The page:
Parents should continue to avoid spanking and to use positive parenting techniques such as warmth in order to foster positive behaviors in their children, according to a recent study published online this April in the Journal of Marriage and Family.
Decades of research have found links between parents’ use of spanking and an increased likelihood of negative outcomes for children, such as antisocial behavior. Spanking is thought to increase antisocial behavior because it models aggression and does not teach children why their behavior was wrong or what alternative behaviors are appropriate.
Despite the negative child outcomes associated with spanking, some academics have defended spanking as an effective means of discipline, and a significant proportion of U.S. parents regularly use spanking to discipline children. Furthermore, little attention has been paid to whether spanking promotes desirable child behaviors.
In contrast to spanking, maternal warmth includes behaviors such as affection, positive reinforcement, and verbal responsiveness to the child. These behaviors have been shown to promote the creation of trust and reciprocity between parents and children and the development of children’s social competence. In addition, maternal warmth has been associated with fewer oppositional child behaviors, better child self-regulation, and fewer child behavior problems.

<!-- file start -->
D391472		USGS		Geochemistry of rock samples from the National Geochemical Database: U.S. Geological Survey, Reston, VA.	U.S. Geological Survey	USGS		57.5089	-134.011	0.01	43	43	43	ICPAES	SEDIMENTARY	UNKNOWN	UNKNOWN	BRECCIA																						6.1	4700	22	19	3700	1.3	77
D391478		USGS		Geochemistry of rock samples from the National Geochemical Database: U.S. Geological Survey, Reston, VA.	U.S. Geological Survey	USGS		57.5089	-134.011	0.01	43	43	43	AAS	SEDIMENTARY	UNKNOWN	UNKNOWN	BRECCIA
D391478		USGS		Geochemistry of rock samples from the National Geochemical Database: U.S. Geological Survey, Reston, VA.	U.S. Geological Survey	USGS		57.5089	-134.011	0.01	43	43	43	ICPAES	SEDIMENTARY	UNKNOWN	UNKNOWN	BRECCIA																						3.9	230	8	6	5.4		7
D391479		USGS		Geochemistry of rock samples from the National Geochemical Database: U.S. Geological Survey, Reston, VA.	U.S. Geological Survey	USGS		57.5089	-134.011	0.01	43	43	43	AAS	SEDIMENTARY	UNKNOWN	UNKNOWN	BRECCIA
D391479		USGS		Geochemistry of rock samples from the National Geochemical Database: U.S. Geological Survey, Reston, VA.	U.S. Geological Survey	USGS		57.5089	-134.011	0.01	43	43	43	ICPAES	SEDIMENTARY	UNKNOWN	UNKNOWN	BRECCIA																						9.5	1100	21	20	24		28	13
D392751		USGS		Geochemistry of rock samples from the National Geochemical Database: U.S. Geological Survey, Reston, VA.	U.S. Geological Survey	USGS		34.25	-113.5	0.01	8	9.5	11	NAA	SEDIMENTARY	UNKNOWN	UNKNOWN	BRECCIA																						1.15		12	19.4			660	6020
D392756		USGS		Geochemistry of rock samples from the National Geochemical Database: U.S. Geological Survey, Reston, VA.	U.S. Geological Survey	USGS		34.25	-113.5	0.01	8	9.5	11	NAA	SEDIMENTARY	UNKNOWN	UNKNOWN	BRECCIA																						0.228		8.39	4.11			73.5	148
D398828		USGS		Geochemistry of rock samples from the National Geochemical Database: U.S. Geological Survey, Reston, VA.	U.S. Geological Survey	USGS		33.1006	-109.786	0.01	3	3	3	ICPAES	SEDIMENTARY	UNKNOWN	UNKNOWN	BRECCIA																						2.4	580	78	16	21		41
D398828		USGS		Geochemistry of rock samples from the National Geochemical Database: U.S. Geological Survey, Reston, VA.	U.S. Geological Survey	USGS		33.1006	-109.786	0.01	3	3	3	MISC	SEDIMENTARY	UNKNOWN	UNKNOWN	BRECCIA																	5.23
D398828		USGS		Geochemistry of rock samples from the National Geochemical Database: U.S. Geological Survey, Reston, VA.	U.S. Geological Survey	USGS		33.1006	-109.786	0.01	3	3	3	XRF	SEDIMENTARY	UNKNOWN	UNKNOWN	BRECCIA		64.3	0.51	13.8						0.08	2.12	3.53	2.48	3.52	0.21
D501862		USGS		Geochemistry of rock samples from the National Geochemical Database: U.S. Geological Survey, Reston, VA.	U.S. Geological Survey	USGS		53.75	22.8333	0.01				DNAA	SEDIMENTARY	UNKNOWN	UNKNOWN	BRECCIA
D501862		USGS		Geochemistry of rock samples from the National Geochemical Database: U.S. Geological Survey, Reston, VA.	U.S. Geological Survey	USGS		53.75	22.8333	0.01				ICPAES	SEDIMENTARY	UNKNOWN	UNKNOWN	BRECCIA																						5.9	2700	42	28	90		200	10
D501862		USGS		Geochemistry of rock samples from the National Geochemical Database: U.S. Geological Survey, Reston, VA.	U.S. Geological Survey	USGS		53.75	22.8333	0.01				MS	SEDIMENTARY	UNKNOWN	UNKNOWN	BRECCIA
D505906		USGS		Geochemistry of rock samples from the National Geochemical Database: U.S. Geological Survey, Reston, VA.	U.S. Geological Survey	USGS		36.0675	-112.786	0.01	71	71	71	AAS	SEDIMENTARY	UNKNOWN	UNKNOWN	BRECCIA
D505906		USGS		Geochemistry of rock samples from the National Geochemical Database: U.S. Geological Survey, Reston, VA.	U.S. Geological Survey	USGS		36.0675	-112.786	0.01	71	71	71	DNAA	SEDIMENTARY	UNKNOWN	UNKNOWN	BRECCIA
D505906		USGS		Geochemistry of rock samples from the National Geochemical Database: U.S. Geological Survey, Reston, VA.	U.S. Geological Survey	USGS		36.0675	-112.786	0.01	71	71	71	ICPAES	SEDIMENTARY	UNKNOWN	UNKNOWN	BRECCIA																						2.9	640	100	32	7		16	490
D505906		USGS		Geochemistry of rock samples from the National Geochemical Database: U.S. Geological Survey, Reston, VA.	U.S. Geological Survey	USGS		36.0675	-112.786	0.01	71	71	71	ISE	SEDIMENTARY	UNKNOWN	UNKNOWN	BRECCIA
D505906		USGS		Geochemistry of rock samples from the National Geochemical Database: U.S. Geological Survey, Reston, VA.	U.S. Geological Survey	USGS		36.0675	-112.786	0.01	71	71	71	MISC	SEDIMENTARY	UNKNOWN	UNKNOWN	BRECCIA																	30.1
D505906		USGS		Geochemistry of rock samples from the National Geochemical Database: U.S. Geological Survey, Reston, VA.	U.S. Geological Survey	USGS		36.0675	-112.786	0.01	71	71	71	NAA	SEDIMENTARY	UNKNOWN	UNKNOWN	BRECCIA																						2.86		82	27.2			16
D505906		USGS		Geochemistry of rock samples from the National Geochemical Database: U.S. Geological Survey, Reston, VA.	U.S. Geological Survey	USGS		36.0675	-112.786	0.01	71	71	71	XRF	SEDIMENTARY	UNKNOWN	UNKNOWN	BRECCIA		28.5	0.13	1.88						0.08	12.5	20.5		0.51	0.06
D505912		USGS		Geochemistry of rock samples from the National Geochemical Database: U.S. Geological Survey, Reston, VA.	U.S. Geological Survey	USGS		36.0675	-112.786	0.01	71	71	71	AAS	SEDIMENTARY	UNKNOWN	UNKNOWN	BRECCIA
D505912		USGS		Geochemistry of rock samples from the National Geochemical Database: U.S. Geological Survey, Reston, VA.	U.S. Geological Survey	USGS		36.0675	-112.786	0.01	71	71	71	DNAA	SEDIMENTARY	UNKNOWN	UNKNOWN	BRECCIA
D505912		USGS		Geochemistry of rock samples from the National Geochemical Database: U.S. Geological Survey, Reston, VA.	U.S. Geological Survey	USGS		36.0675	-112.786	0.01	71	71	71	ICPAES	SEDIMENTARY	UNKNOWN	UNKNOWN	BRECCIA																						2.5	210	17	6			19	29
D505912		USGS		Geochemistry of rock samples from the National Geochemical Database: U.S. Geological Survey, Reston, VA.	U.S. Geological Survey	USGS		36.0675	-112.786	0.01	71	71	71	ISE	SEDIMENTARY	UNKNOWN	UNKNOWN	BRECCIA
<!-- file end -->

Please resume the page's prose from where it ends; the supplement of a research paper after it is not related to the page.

The study, by Inna Altschul (University of Denver), Shawna Lee (University of Michigan) and Elizabeth Gershoff (University of Texas at Austin), investigated whether spanking or warmth predicted change in young children’s aggressive and socially competent behaviors over time.
The study used information from 3,279 families with young children who participated in a longitudinal study of urban families. It assessed mothers’ use of spanking and maternal warmth, and subsequently their child’s aggressive behavior and social competence. Psychosocial risk factors, socioeconomic and demographic characteristics and child characteristics were also controlled for.
The results revealed that spanking predicted child aggression but was not being associated with children’s social competence. In contrast, maternal warmth predicted children’s greater social competence but was not associated with aggression. Warmth was a significantly stronger predictor of children’s social competence than spanking.
The researchers concluded, “These findings indicate parents should continue to avoid spanking and to use positive parenting techniques such as warmth in order to foster positive behaviors in their children.” They also suggested, “Even if parents use both warmth and spanking, the benefits of warmth with regard to children’s social competence may be undermined by the increased child aggression associated with spanking.”